had. He boarded alone, “dug” persistently, and took no part in the
social life of the college. Roger Brooks came nearest to being his
friend of any, yet even Roger knew very little about him. Elliott had
never before said so much about his personal affairs as in the speech
just recorded.

“I’m poor–woefully poor,” went on Elliott gaily. His success seemed
to have thawed his reserve for the time being. “I had just enough
money to bring me through the Fresh and Soph years by dint of careful
management. Now I’m stone broke, and the hope of the Fraser was all
that stood between me and the dismal certainty of having to teach next
year, dropping out of my class and coming back in two or three years’
time, a complete, rusty stranger again. Whew! I made faces over the
prospect.”

“No wonder,” commented Roger. “The class would have been sorry if you
had had to drop out, Campbell. We want to keep all our stars with us
to make a shining coruscation at the finish. Besides, you know we all
like you for yourself. It would have been an everlasting shame if
that little cad of a McLean had won out. Nobody likes him.”

“Oh, I had no fear of him,” answered Elliott. “I don’t see what
induced him to go in, anyhow. He must have known he’d no chance. But I
was afraid of Stone–he’s a born dabster at mathematics, you know, and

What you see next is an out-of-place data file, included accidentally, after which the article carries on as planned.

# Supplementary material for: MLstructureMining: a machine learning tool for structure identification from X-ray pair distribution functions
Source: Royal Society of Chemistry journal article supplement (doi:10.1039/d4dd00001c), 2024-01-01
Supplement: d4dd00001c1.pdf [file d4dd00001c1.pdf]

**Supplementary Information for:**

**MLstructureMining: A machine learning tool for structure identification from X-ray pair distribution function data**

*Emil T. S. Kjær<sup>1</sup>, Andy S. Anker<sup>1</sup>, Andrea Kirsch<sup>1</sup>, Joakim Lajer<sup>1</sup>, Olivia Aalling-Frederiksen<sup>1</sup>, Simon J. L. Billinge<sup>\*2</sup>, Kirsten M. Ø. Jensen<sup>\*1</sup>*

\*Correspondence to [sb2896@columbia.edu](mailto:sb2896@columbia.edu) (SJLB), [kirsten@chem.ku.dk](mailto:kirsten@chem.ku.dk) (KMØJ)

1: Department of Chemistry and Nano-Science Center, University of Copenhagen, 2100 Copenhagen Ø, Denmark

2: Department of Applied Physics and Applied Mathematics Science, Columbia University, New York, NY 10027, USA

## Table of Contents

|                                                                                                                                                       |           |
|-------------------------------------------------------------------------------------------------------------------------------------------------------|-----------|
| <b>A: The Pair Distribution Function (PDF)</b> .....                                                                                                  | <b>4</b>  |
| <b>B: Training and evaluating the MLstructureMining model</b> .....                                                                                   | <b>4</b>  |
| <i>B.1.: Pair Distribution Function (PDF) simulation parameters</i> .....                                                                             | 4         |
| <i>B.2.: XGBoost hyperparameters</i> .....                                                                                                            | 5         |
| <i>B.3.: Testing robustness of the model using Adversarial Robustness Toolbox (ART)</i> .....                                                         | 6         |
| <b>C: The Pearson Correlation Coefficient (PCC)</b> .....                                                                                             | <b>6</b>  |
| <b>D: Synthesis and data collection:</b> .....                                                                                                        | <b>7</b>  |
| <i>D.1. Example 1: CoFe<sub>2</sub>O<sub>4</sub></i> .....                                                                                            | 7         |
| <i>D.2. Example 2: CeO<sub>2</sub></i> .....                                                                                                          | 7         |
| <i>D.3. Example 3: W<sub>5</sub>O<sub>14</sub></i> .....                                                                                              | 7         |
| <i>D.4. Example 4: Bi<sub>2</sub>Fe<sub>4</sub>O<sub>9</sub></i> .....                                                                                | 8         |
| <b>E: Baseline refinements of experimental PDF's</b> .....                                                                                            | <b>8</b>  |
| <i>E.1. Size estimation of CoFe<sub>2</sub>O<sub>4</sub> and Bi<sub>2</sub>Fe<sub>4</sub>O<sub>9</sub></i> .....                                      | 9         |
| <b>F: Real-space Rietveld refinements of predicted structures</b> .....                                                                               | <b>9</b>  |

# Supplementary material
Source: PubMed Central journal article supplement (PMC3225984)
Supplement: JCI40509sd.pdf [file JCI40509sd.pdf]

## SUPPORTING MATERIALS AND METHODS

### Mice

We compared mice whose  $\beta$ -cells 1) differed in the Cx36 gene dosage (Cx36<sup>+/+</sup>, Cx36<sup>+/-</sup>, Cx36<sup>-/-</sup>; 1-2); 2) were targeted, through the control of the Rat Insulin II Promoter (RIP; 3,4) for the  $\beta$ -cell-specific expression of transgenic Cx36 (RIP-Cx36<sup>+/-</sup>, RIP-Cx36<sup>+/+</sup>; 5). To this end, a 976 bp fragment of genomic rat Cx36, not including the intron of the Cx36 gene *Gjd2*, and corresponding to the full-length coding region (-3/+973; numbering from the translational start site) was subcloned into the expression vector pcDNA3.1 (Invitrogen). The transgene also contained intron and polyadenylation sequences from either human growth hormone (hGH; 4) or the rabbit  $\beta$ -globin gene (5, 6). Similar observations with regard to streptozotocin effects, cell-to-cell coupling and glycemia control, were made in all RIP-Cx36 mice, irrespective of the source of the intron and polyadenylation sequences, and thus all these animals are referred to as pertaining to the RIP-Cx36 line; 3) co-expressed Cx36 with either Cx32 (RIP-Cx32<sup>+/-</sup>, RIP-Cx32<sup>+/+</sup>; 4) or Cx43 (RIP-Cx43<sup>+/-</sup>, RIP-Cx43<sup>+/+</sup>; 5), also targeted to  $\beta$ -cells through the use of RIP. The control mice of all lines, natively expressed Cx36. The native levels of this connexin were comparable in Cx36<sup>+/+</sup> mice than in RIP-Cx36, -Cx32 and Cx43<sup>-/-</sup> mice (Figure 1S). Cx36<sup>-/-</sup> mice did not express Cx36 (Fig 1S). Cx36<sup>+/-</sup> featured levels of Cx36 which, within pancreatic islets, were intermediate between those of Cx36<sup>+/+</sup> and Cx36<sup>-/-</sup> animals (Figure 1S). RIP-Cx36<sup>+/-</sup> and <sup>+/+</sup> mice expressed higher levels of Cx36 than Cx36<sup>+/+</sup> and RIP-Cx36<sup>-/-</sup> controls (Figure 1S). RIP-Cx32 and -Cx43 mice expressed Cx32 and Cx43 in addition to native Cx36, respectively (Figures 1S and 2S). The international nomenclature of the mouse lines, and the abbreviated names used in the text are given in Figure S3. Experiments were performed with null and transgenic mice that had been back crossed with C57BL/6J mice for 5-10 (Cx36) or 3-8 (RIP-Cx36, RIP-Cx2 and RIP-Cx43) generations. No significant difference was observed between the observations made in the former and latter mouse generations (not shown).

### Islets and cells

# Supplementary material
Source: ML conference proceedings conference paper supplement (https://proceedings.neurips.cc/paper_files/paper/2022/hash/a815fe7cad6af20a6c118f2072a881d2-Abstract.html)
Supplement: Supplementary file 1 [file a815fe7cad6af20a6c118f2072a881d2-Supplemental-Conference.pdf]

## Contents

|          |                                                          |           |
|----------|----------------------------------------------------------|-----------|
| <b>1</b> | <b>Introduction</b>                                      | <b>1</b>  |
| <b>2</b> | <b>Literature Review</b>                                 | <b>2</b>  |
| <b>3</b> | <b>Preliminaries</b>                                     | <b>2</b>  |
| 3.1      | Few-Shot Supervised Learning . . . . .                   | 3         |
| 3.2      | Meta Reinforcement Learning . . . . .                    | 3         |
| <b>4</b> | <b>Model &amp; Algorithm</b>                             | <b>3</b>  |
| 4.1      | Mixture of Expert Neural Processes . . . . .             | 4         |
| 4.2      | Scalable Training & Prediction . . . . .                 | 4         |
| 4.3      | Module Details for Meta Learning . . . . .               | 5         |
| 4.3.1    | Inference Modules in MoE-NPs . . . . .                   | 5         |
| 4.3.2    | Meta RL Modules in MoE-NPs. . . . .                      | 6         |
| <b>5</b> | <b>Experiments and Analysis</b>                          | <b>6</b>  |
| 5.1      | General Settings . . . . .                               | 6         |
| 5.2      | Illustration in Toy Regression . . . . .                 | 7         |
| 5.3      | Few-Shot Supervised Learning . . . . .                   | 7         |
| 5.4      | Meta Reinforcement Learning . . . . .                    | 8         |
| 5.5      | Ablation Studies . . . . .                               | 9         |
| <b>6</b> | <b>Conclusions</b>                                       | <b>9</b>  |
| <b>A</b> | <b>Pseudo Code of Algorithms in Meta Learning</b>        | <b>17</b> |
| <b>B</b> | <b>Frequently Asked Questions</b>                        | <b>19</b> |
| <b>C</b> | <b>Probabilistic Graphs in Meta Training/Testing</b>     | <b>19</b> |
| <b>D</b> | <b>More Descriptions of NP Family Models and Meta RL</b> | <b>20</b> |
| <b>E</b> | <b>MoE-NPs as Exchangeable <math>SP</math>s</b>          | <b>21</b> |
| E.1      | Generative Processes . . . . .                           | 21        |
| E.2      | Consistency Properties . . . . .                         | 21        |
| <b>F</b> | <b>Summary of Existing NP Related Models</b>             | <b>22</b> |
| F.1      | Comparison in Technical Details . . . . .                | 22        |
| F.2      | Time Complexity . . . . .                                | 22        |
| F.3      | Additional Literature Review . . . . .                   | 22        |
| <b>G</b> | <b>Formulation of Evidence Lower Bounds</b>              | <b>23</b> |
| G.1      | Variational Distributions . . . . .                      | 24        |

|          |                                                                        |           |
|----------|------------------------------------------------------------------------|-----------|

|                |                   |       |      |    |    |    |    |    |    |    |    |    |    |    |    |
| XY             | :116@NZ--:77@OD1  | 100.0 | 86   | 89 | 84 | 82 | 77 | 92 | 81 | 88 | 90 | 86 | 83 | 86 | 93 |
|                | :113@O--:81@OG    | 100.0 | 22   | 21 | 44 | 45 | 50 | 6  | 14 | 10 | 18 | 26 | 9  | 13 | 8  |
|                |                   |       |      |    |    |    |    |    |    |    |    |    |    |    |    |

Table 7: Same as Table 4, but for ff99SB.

I only hold my own in them by hard digging.”

“Why, Stone couldn’t have taken the Fraser over you in any case, if
you made over seventy,” said Roger with a puzzled look. “You must have
known that. McLean was the only competitor you had to fear.”

“I don’t understand you,” said Elliott blankly.

“You must know the conditions of the Fraser!” exclaimed Roger.

“Certainly,” responded Elliott. “‘The Fraser scholarship, amounting to
four hundred dollars, will be offered annually in the Sophomore class.
The competitors will be expected to take a special examination in
mathematics, and the winner will be awarded two hundred dollars for
two years, payable in four annual instalments, the payment of any
instalment to be conditional on the winner’s attending the required
classes for undergraduates and making satisfactory progress therein.’
Isn’t that correct?”

“So far as it goes, old man. You forget the most important part of
all. ‘Preference is to be given to competitors of the name Fraser,
Campbell or McLean, provided that such competitor makes at least